That’s not to say that the UK market is yet anywhere near the USA in terms of monetising the product. At last week’s British Podcast awards, the vast majority of those attending were essentially home-podcasters, making content speculatively for free, or virtually free, in the hope that one day it might pay out. I chatted with a producer who works on one of the most talked-about British podcasts who still isn’t being paid after over 30 episodes. There’s nothing wrong with a wonderfully rewarding hobby, and we can all point to examples where this has eventually led to a decent income, but usually it doesn’t. The fact that it’s still the dominant model isn't good for the medium or for the rest of us in the industry.

Frankly, it’s time for the UK podcast production market to grow up. Acast is doing a great job at leading the conversations and banging the drum with agencies and brands, but Fresh Air wants to lead the way from the production side in creating ambitious combined creative and media models that produce the very highest quality of content for businesses and brands to get behind.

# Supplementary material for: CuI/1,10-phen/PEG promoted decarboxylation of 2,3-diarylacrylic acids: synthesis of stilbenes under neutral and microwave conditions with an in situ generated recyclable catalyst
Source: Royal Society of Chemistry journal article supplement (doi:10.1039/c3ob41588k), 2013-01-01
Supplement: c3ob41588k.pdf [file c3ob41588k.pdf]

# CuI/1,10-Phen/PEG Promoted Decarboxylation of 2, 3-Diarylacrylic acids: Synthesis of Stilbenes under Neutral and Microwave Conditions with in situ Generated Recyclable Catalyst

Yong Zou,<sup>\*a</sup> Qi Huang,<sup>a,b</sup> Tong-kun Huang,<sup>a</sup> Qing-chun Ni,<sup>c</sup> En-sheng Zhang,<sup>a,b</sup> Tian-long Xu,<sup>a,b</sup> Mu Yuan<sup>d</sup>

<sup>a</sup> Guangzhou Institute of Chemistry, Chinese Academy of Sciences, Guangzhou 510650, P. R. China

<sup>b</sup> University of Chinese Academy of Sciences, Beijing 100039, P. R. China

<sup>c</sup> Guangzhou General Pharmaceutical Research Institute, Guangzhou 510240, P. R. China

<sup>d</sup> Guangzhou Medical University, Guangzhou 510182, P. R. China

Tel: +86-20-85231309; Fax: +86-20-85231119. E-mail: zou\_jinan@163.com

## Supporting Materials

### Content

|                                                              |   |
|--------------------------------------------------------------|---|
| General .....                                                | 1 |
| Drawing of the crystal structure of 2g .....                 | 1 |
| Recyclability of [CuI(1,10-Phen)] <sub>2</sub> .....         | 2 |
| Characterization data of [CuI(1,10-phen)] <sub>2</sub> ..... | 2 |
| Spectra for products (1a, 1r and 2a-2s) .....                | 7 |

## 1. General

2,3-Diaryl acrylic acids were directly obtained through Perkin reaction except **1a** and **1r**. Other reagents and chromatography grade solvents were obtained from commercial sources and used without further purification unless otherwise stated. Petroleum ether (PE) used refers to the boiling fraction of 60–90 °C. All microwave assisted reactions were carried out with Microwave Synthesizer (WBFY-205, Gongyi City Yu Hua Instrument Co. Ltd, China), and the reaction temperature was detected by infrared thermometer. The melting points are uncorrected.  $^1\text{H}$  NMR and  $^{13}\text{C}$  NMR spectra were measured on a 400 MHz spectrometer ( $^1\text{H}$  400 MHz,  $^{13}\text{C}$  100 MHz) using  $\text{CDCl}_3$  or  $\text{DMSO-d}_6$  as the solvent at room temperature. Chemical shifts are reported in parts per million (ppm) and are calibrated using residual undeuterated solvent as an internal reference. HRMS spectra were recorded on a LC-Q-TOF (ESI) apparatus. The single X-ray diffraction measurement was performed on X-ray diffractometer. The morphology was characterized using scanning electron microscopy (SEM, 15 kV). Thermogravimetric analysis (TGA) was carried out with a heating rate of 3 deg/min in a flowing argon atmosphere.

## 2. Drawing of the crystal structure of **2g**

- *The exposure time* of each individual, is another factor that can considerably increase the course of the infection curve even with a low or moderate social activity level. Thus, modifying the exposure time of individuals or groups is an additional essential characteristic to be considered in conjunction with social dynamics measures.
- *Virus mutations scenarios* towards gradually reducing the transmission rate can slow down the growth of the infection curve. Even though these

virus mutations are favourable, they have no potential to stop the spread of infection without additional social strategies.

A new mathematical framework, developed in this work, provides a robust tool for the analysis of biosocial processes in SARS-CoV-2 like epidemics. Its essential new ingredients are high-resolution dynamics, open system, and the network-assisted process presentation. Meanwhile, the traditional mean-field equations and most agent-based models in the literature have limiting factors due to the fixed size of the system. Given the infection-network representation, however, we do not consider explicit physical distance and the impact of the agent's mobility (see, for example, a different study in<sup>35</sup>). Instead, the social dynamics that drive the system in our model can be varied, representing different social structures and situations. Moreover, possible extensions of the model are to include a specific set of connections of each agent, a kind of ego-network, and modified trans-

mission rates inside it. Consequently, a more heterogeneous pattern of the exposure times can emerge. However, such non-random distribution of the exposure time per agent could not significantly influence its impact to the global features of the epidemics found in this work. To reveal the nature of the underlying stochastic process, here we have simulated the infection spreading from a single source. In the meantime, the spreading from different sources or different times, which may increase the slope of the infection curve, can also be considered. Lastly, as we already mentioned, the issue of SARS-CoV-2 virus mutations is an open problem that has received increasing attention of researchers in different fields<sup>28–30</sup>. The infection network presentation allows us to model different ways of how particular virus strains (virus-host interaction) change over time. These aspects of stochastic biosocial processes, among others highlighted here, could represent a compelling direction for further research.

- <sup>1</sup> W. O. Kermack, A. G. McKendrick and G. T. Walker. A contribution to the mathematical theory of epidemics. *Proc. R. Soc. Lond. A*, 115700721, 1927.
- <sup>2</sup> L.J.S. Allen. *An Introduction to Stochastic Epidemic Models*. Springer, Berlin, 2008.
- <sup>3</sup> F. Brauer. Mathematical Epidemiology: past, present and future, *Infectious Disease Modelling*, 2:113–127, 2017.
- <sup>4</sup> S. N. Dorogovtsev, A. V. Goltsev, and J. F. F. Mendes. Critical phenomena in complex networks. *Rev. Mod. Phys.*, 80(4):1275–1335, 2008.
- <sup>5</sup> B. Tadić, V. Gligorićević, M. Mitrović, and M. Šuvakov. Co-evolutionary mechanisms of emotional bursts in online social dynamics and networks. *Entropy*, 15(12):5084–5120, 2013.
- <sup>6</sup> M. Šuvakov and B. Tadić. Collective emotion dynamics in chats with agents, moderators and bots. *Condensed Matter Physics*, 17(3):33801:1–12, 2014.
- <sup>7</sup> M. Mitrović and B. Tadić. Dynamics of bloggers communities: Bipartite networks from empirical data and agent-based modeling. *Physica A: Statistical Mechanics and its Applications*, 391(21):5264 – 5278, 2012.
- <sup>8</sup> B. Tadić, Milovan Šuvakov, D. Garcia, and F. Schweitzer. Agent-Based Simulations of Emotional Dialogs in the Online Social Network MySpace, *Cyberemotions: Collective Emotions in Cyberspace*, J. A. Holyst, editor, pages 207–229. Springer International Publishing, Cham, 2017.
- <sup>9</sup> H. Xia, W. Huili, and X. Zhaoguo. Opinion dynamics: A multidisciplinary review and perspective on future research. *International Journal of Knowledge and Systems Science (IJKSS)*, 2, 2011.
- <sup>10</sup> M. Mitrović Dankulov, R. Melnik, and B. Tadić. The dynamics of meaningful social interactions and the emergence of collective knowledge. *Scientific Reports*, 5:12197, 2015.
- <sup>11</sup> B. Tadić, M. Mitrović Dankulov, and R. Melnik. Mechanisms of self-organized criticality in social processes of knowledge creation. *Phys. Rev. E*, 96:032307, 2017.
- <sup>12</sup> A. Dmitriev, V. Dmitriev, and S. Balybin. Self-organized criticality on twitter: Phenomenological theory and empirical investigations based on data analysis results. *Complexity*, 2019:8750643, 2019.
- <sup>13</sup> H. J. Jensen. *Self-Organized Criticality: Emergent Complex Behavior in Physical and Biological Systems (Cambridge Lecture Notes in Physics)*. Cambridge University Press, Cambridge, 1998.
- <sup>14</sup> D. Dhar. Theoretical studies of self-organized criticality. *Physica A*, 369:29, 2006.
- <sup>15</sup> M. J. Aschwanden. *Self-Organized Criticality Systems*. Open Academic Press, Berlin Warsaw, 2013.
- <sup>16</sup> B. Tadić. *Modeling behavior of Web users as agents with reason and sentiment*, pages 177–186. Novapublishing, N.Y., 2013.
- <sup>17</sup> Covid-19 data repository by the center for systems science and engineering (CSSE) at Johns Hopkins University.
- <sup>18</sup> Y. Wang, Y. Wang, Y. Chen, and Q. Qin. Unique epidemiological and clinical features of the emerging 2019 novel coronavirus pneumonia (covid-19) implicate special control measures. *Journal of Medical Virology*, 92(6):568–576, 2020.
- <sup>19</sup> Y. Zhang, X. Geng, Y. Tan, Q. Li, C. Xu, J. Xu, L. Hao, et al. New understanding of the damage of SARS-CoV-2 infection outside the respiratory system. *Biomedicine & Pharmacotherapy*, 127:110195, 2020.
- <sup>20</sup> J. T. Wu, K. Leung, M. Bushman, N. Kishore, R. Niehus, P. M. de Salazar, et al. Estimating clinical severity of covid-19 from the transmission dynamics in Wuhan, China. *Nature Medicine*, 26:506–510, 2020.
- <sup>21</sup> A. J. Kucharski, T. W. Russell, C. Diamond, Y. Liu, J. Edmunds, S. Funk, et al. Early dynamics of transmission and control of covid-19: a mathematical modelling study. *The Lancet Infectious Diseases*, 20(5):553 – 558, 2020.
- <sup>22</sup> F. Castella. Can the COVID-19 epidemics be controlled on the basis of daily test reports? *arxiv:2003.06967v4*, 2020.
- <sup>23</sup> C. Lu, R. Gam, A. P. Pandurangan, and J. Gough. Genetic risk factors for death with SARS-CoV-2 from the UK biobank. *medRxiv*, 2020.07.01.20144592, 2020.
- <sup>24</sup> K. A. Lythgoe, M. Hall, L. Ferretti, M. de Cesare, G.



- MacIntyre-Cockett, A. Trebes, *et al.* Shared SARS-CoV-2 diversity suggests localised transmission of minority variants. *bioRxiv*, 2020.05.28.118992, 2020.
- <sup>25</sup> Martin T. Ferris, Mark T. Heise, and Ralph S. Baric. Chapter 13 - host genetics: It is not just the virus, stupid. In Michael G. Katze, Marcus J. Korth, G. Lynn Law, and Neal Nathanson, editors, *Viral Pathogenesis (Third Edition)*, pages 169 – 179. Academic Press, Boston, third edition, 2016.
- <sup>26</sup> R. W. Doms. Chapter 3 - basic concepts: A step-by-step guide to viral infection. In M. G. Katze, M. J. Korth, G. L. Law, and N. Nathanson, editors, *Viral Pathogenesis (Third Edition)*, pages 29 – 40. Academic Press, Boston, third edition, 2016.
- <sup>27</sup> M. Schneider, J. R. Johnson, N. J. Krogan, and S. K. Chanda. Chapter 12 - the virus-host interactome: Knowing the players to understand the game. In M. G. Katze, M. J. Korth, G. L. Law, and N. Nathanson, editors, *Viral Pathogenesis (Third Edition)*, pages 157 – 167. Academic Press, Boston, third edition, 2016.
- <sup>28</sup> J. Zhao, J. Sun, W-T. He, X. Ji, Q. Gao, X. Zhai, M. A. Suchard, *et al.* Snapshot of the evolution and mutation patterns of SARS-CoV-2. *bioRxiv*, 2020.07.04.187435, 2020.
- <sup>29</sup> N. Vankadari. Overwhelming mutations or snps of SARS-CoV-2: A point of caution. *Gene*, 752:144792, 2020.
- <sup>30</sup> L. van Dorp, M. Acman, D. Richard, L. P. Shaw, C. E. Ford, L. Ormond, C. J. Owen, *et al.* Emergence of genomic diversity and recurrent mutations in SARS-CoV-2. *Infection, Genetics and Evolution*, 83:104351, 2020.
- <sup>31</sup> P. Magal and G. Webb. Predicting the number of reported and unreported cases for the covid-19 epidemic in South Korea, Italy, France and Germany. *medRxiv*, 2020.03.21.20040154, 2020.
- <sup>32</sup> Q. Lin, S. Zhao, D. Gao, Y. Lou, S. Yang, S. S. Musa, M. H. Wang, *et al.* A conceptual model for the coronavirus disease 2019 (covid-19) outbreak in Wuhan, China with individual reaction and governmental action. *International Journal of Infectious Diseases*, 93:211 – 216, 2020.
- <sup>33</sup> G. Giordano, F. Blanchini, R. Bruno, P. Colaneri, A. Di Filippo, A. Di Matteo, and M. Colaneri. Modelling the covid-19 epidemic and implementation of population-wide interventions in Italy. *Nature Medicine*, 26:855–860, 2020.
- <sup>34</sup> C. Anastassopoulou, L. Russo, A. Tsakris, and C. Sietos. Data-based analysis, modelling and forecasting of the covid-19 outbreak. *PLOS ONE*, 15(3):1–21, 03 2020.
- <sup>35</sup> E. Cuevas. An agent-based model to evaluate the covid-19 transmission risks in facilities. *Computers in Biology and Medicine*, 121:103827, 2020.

British producers often find the idea of working for brands a bit “dirty”, as if there’s a inevitable trade-off between finding sponsor money and creating wonderful programmes. That’s patently not true, and we need to have enough confidence to go out and prove it.

Fresh Air is working with the best producers in the country (and recruiting more), putting proposals together for multi-national brands, and unashamedly asking for budgets that allow us to pay those producers properly to create their best possible work.